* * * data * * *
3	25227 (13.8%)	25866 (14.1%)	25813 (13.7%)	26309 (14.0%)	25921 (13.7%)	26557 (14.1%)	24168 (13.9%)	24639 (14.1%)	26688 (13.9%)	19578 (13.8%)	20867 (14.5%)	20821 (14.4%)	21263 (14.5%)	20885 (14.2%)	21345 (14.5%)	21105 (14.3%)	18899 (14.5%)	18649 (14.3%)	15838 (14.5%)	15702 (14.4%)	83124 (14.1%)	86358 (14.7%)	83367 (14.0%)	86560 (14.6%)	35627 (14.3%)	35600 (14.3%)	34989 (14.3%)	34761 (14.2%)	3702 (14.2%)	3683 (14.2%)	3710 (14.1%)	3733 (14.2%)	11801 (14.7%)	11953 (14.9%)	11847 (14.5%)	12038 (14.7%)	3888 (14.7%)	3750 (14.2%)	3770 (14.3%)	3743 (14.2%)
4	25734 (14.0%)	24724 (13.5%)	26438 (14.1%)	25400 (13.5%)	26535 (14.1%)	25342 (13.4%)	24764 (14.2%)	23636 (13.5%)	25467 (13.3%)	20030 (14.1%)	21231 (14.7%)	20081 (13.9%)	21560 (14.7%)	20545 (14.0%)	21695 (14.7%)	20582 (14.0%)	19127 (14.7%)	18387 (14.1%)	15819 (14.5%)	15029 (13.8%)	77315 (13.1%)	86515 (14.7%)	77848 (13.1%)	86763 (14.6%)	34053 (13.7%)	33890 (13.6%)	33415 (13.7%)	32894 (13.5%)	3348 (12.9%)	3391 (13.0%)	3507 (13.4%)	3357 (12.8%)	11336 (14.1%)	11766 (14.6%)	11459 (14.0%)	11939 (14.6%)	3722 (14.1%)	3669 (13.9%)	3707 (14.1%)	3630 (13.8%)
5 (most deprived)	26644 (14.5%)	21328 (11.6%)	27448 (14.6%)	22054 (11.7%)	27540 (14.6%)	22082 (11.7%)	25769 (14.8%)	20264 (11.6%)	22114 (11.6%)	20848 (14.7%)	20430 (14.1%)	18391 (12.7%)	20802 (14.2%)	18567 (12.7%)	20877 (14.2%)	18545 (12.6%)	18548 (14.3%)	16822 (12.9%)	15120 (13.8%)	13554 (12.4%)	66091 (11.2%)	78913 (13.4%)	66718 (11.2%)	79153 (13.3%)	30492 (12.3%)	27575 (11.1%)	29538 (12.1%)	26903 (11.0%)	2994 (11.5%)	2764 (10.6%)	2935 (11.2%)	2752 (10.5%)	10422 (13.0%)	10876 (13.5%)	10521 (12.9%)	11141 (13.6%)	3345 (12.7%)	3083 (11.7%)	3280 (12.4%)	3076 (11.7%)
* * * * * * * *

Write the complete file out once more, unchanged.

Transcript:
3	25227 (13.8%)	25866 (14.1%)	25813 (13.7%)	26309 (14.0%)	25921 (13.7%)	26557 (14.1%)	24168 (13.9%)	24639 (14.1%)	26688 (13.9%)	19578 (13.8%)	20867 (14.5%)	20821 (14.4%)	21263 (14.5%)	20885 (14.2%)	21345 (14.5%)	21105 (14.3%)	18899 (14.5%)	18649 (14.3%)	15838 (14.5%)	15702 (14.4%)	83124 (14.1%)	86358 (14.7%)	83367 (14.0%)	86560 (14.6%)	35627 (14.3%)	35600 (14.3%)	34989 (14.3%)	34761 (14.2%)	3702 (14.2%)	3683 (14.2%)	3710 (14.1%)	3733 (14.2%)	11801 (14.7%)	11953 (14.9%)	11847 (14.5%)	12038 (14.7%)	3888 (14.7%)	3750 (14.2%)	3770 (14.3%)	3743 (14.2%)
4	25734 (14.0%)	24724 (13.5%)	26438 (14.1%)	25400 (13.5%)	26535 (14.1%)	25342 (13.4%)	24764 (14.2%)	23636 (13.5%)	25467 (13.3%)	20030 (14.1%)	21231 (14.7%)	20081 (13.9%)	21560 (14.7%)	20545 (14.0%)	21695 (14.7%)	20582 (14.0%)	19127 (14.7%)	18387 (14.1%)	15819 (14.5%)	15029 (13.8%)	77315 (13.1%)	86515 (14.7%)	77848 (13.1%)	86763 (14.6%)	34053 (13.7%)	33890 (13.6%)	33415 (13.7%)	32894 (13.5%)	3348 (12.9%)	3391 (13.0%)	3507 (13.4%)	3357 (12.8%)	11336 (14.1%)	11766 (14.6%)	11459 (14.0%)	11939 (14.6%)	3722 (14.1%)	3669 (13.9%)	3707 (14.1%)	3630 (13.8%)
5 (most deprived)	26644 (14.5%)	21328 (11.6%)	27448 (14.6%)	22054 (11.7%)	27540 (14.6%)	22082 (11.7%)	25769 (14.8%)	20264 (11.6%)	22114 (11.6%)	20848 (14.7%)	20430 (14.1%)	18391 (12.7%)	20802 (14.2%)	18567 (12.7%)	20877 (14.2%)	18545 (12.6%)	18548 (14.3%)	16822 (12.9%)	15120 (13.8%)	13554 (12.4%)	66091 (11.2%)	78913 (13.4%)	66718 (11.2%)	79153 (13.3%)	30492 (12.3%)	27575 (11.1%)	29538 (12.1%)	26903 (11.0%)	2994 (11.5%)	2764 (10.6%)	2935 (11.2%)	2752 (10.5%)	10422 (13.0%)	10876 (13.5%)	10521 (12.9%)	11141 (13.6%)	3345 (12.7%)	3083 (11.7%)	3280 (12.4%)	3076 (11.7%)